One of the easiest predictive analytics in professional football is behavioral.
It’s true that, among owners, there are those who are heavily involved and those who are distant. There are men and women who are emotionally invested in every play, and others who prefer to use their status as NFL monarch to propel all of the other business and social ventures that enrich their lives. An expensive bottle of Caymus in the luxury suite is more important than whoever is starting at cornerback.
Despite those differences, it’s very easy to imagine owners in a pack, shuffling from one area to another, following the latest trend like a mall-gazing teenager of the 1990s. Back in November, after a 100-plus point game between the Chiefs and Rams, I wrote: This offseason will be catastrophic. As team owners trip over each other to recreate this, coaches will be fired. Schematic soothsayers will emerge from every corner of the football universe trying to get in on the fracas. The draft will ebb and flow with the vacillations of panicked game-plan architects trying to figure out how the hell they’re going to build a team good enough to score 40 points a game, but stout enough to keep the opponent under 35.
It was the easiest prediction I’ve made in almost 10 years of covering football. Was their any doubt that the Sean McVay inner circle would be pilfered like the trees in The Lorax? Kliff Kingsbury was hired as head coach of the Cardinals after going 35-40 at Texas Tech, and in Arizona’s press release, his friendship(!!) with McVay was apparently worth noting. Zac Taylor, Matt LaFleur. Owners gravitated to this coaching analog—the young, offensive whiz kid—much in the way they previously gobbled up Patriots assistants.
And while this trend may have legs beyond this season, given that scoring points is a good way to sell tickets and make money (and the biggest fish, Lincoln Riley, is still out there waiting to be courted by the NFL), there will inevitably be another massive shift as owners try to grasp at the fleeting concept of being cutting edge, or, at the very least, one of the cool kids.
What might they want next?
• A “defensive” Kingsbury would make sense. Someone from the collegiate level who has experience slowing down prominent offenses. In that way, you’ll hear a lot about LSU defensive coordinator Dave Aranda and the coaches who study him and exist in his orbit. Jim Leonhard, the longtime NFL safety and current defensive coordinator at Wisconsin will also come up. In October, we wrote about the defensive staff at Army, which finished fourth in third down conversion percentage in 2018 (and took Oklahoma to overtime). Its defensive coordinator is now at North Carolina. Manny Diaz, whose Miami Hurricanes allowed the fewest passing yards (135.6 yards/game) and second-fewest yards per attempt (5.56) might also become more of a household name when it comes to NFL types. Joe Moorhead’s entire staff at Mississippi State, both offensively and defensively, deserves recognition as well.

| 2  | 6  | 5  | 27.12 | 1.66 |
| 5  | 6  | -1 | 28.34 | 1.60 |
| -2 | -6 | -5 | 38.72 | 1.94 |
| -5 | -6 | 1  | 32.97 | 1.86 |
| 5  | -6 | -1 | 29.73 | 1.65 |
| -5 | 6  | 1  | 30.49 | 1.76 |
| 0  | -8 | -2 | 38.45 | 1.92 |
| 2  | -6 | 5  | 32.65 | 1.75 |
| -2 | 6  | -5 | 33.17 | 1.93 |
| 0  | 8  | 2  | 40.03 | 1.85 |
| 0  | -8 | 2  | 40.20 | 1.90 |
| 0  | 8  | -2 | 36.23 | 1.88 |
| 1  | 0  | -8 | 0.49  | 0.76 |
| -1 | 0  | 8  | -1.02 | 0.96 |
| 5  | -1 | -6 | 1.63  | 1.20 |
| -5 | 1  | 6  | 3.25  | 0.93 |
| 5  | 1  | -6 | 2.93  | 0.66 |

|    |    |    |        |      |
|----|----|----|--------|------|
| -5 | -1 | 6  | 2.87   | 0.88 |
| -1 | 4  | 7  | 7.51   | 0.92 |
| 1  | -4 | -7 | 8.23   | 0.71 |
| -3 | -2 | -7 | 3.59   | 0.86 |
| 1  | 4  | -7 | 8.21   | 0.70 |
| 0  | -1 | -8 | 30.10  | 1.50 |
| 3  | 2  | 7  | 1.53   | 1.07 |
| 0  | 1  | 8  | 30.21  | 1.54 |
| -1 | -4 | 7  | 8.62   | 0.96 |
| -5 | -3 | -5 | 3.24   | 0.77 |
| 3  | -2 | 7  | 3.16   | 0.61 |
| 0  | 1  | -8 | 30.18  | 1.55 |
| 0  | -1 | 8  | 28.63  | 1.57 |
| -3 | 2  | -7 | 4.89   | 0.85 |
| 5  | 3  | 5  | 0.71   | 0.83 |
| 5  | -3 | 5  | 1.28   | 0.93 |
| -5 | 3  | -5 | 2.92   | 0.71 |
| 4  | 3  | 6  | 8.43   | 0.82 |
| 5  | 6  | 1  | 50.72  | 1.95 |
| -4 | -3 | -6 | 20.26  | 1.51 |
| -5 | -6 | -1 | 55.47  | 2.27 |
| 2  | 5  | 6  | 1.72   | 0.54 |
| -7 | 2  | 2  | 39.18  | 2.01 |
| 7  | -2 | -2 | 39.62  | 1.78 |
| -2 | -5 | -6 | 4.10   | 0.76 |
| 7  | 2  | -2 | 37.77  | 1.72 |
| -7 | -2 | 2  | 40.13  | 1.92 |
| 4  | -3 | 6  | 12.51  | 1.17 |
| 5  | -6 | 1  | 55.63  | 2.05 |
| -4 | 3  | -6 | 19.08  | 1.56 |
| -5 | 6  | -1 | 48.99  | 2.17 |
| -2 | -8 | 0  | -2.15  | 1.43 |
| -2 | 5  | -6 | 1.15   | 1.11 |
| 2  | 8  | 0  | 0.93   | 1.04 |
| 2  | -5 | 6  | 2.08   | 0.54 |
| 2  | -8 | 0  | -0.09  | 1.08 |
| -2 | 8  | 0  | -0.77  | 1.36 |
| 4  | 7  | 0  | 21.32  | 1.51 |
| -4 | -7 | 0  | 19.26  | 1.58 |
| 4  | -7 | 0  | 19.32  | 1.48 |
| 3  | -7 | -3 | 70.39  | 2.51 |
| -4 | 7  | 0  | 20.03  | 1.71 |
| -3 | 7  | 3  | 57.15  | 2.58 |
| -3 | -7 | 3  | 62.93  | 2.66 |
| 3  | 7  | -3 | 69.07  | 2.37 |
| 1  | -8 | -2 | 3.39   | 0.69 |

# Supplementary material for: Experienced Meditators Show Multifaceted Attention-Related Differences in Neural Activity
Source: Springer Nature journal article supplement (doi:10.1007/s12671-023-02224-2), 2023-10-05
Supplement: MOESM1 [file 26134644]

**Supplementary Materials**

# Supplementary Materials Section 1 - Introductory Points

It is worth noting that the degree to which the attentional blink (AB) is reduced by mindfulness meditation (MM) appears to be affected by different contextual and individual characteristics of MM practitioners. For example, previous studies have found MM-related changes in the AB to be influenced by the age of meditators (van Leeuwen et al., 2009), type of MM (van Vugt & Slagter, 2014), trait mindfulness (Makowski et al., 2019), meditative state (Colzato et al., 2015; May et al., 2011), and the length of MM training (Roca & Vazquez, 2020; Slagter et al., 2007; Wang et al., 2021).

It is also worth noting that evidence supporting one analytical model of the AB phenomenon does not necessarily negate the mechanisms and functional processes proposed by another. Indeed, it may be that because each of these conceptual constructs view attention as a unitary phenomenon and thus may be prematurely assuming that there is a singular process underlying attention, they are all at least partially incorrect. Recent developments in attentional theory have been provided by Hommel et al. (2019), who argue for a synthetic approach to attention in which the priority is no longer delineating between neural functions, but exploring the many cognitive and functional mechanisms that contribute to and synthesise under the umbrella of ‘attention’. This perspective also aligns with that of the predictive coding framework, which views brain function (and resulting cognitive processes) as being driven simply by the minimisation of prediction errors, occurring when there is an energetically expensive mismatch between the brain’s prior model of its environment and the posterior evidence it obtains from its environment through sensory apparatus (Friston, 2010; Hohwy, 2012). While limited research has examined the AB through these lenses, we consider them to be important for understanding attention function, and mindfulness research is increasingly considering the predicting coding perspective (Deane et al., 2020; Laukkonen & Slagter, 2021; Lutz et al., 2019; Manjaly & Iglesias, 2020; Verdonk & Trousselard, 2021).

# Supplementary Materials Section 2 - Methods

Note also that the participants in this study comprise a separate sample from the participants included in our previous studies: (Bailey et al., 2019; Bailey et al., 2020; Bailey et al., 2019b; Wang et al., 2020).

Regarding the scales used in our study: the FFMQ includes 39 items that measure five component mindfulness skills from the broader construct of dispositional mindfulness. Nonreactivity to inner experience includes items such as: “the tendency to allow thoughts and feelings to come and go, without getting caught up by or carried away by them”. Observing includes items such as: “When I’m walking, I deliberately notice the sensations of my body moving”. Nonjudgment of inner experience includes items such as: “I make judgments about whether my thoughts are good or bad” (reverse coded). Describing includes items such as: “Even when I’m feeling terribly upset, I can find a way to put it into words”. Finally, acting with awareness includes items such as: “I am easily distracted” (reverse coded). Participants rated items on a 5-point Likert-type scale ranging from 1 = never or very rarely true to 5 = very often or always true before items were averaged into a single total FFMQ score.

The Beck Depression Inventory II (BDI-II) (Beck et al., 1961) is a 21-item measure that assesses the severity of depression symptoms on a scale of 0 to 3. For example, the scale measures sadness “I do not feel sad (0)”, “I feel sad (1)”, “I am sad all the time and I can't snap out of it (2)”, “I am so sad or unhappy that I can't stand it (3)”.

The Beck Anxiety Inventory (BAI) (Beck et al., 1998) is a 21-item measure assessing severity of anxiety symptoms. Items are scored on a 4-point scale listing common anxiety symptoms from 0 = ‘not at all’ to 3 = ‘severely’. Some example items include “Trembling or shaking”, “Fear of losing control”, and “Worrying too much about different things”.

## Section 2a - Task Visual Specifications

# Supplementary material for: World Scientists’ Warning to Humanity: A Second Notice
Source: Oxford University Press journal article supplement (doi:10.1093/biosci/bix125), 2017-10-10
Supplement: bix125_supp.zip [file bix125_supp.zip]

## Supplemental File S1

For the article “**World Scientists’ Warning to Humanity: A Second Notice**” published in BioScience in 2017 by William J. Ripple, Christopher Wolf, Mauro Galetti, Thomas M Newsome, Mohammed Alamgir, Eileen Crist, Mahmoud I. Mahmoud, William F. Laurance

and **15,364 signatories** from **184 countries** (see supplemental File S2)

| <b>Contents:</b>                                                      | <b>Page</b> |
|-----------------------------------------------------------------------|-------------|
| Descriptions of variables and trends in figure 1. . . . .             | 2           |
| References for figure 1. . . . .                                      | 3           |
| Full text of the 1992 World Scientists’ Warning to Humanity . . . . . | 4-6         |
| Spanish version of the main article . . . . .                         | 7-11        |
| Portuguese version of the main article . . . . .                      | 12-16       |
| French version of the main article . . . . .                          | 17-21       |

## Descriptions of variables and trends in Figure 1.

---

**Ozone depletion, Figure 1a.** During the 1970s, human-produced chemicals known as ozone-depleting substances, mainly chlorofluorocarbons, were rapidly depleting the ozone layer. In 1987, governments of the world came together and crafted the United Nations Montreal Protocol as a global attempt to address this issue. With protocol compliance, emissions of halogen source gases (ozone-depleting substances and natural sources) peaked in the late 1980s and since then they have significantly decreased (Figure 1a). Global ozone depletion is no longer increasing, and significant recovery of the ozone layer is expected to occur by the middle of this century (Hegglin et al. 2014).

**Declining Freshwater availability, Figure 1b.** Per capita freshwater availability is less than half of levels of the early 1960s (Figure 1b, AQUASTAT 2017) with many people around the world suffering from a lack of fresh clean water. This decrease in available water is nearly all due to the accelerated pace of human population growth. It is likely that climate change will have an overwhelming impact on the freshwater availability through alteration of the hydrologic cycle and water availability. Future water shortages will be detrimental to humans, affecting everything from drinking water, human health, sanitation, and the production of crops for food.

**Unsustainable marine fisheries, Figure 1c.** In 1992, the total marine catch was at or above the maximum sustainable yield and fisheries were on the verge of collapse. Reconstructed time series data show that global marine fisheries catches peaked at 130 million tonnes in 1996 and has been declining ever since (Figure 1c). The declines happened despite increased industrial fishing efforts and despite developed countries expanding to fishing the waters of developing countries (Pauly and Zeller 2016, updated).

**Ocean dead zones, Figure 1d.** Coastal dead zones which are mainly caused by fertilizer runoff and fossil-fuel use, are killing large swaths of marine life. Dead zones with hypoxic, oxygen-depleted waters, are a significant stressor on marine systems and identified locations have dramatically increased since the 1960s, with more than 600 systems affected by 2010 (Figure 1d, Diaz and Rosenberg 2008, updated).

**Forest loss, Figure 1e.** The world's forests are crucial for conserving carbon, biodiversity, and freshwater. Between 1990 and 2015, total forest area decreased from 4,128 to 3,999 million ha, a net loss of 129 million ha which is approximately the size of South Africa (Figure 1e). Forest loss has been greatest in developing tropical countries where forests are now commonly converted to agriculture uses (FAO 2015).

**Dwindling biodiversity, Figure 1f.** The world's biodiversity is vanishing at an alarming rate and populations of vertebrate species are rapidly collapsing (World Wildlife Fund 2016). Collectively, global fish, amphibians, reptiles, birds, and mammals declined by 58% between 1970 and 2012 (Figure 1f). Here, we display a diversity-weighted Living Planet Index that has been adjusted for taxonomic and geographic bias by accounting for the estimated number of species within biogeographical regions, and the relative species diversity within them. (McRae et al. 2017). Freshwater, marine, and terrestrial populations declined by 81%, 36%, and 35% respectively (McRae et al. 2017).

• A “personality” might be just as important as a schematic wunderkind. Imagine if the Raiders succeed this year and Jon Gruden flourishes not only in his leading role on Hard Knocks but in shepherding a winner to Las Vegas. We’ve seen this trend emerging a bit, with hires like Herm Edwards at Arizona State and Mack Brown at North Carolina. Underneath them, a young, innovative rock-star staff churns. At the ground level, they can handle the increasing importance of this position’s public-facing role. It may mean we haven’t heard the last of names like Mike Shanahan,Bill Cowher or even Rex Ryan. This is a move so befitting of the scrambling ownership crowd that it almost doesn’t need to be mentioned. We are, at this point in society, so susceptible to becoming enamored by what the-man-on-TV says that it’s an obvious reaction in their playbook. Need a president? How about the host of The Apprentice? Need a head football coach? How about the man caked in makeup spouting comfortable platitudes about establishing the run on a Sunday morning football show?
• The overlooked lifer is a category I’m stunned hasn’t exploded in recent years since, in terms of NFL coaches, it may be the league’s greatest untapped resource. The NFL is full of nomadic assistants who have seen decades worth of horrible football, bad politicking and laughable personnel management. Mike Zimmer took over a Vikings team and made it relevant again. Then came Bruce Arians. Vic Fangio is the latest coach in that lineage, though I wouldn’t hesitate to consider Freddie Kitchens, an NFL assistant since 2006, as a coach in that category despite being just 44. Some current assistants to keep an eye on: Don Martindale (Ravens D-coordinator), Teryl Austin (Steelers assistant head coach), Dave Toub (Chiefs special teams coordinator), Stump Mitchell (Browns running backs coach), Eric Bieniemy (Kansas City Chiefs offensive coodinator), Dean Pees (Titans defensive coordinator) and Eric Studesville (Dolphins running backs coach/run game coordinator)
Some of you may point out that coaches are individuals and don’t fit in to any categories, and while I completely agree with that, the behavioral history of ownership says that if you want to be the next head coach of an NFL football team, you damn well better fit into one of these branded boxes we’ll need to sell our fan base. Part of that copycat attitude, of course, is down to the narrow hiring window, the laughably brief period of time teams have to get to know and vet candidates.
In a lot of ways, it’s disappointing that the sporting world rarely works any differently than the sterile confines of an executive search firm. Then again, start thinking of it that way and a lot of your teams’ decision-making starts to make some sense for once.
Question or comment? Email us at firstname.lastname@example.org.